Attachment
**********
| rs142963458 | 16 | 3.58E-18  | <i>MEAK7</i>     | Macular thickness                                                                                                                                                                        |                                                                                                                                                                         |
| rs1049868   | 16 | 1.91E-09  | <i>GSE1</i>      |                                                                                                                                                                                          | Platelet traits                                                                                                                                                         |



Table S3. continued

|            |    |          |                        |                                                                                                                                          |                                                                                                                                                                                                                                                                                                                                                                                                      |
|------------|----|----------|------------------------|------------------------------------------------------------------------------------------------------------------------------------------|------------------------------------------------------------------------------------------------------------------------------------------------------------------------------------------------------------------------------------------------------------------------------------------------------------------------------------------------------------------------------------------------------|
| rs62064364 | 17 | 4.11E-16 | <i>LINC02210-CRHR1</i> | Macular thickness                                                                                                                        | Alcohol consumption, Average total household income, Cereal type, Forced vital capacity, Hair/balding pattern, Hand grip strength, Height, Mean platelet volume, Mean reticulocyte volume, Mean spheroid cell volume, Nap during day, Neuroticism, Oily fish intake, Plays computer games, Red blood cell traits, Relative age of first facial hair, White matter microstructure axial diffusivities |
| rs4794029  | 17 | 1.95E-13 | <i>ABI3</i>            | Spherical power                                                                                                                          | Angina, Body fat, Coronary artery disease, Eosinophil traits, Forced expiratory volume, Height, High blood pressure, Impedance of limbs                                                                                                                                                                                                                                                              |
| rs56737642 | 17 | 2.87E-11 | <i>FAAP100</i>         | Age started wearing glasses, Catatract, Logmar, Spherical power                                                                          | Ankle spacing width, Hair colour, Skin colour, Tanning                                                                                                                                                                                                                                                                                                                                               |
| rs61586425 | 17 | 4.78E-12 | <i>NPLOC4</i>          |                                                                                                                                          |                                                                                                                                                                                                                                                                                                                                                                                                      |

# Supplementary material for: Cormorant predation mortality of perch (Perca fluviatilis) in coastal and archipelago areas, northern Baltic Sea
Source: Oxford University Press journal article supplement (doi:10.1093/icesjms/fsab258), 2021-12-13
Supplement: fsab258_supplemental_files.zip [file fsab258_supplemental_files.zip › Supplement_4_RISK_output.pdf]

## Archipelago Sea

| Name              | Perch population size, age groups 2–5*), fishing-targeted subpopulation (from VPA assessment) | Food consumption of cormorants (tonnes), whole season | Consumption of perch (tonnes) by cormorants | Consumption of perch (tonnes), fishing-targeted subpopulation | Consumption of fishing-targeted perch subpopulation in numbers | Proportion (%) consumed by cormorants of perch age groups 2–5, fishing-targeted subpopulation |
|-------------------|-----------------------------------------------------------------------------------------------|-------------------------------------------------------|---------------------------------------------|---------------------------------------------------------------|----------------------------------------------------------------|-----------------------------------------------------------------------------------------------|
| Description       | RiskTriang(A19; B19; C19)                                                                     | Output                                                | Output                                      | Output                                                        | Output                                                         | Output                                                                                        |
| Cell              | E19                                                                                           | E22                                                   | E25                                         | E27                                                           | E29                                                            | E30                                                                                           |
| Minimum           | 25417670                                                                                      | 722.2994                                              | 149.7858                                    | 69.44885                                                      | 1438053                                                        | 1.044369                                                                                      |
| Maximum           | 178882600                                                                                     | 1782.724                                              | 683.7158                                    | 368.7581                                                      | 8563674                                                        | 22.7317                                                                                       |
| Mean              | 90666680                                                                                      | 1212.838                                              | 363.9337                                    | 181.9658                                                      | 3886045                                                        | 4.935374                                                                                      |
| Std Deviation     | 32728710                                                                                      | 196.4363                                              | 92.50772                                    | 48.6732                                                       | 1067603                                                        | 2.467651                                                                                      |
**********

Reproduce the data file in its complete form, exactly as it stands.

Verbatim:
| rs142963458 | 16 | 3.58E-18  | <i>MEAK7</i>     | Macular thickness                                                                                                                                                                        |                                                                                                                                                                         |
| rs1049868   | 16 | 1.91E-09  | <i>GSE1</i>      |                                                                                                                                                                                          | Platelet traits                                                                                                                                                         |



Table S3. continued

|            |    |          |                        |                                                                                                                                          |                                                                                                                                                                                                                                                                                                                                                                                                      |
|------------|----|----------|------------------------|------------------------------------------------------------------------------------------------------------------------------------------|------------------------------------------------------------------------------------------------------------------------------------------------------------------------------------------------------------------------------------------------------------------------------------------------------------------------------------------------------------------------------------------------------|
| rs62064364 | 17 | 4.11E-16 | <i>LINC02210-CRHR1</i> | Macular thickness                                                                                                                        | Alcohol consumption, Average total household income, Cereal type, Forced vital capacity, Hair/balding pattern, Hand grip strength, Height, Mean platelet volume, Mean reticulocyte volume, Mean spheroid cell volume, Nap during day, Neuroticism, Oily fish intake, Plays computer games, Red blood cell traits, Relative age of first facial hair, White matter microstructure axial diffusivities |
| rs4794029  | 17 | 1.95E-13 | <i>ABI3</i>            | Spherical power                                                                                                                          | Angina, Body fat, Coronary artery disease, Eosinophil traits, Forced expiratory volume, Height, High blood pressure, Impedance of limbs                                                                                                                                                                                                                                                              |
| rs56737642 | 17 | 2.87E-11 | <i>FAAP100</i>         | Age started wearing glasses, Catatract, Logmar, Spherical power                                                                          | Ankle spacing width, Hair colour, Skin colour, Tanning                                                                                                                                                                                                                                                                                                                                               |
| rs61586425 | 17 | 4.78E-12 | <i>NPLOC4</i>          |                                                                                                                                          |                                                                                                                                                                                                                                                                                                                                                                                                      |

# Supplementary material for: Cormorant predation mortality of perch (Perca fluviatilis) in coastal and archipelago areas, northern Baltic Sea
Source: Oxford University Press journal article supplement (doi:10.1093/icesjms/fsab258), 2021-12-13
Supplement: fsab258_supplemental_files.zip [file fsab258_supplemental_files.zip › Supplement_4_RISK_output.pdf]

## Archipelago Sea

| Name              | Perch population size, age groups 2–5*), fishing-targeted subpopulation (from VPA assessment) | Food consumption of cormorants (tonnes), whole season | Consumption of perch (tonnes) by cormorants | Consumption of perch (tonnes), fishing-targeted subpopulation | Consumption of fishing-targeted perch subpopulation in numbers | Proportion (%) consumed by cormorants of perch age groups 2–5, fishing-targeted subpopulation |
|-------------------|-----------------------------------------------------------------------------------------------|-------------------------------------------------------|---------------------------------------------|---------------------------------------------------------------|----------------------------------------------------------------|-----------------------------------------------------------------------------------------------|
| Description       | RiskTriang(A19; B19; C19)                                                                     | Output                                                | Output                                      | Output                                                        | Output                                                         | Output                                                                                        |
| Cell              | E19                                                                                           | E22                                                   | E25                                         | E27                                                           | E29                                                            | E30                                                                                           |
| Minimum           | 25417670                                                                                      | 722.2994                                              | 149.7858                                    | 69.44885                                                      | 1438053                                                        | 1.044369                                                                                      |
| Maximum           | 178882600                                                                                     | 1782.724                                              | 683.7158                                    | 368.7581                                                      | 8563674                                                        | 22.7317                                                                                       |
| Mean              | 90666680                                                                                      | 1212.838                                              | 363.9337                                    | 181.9658                                                      | 3886045                                                        | 4.935374                                                                                      |
| Std Deviation     | 32728710                                                                                      | 196.4363                                              | 92.50772                                    | 48.6732                                                       | 1067603                                                        | 2.467651                                                                                      |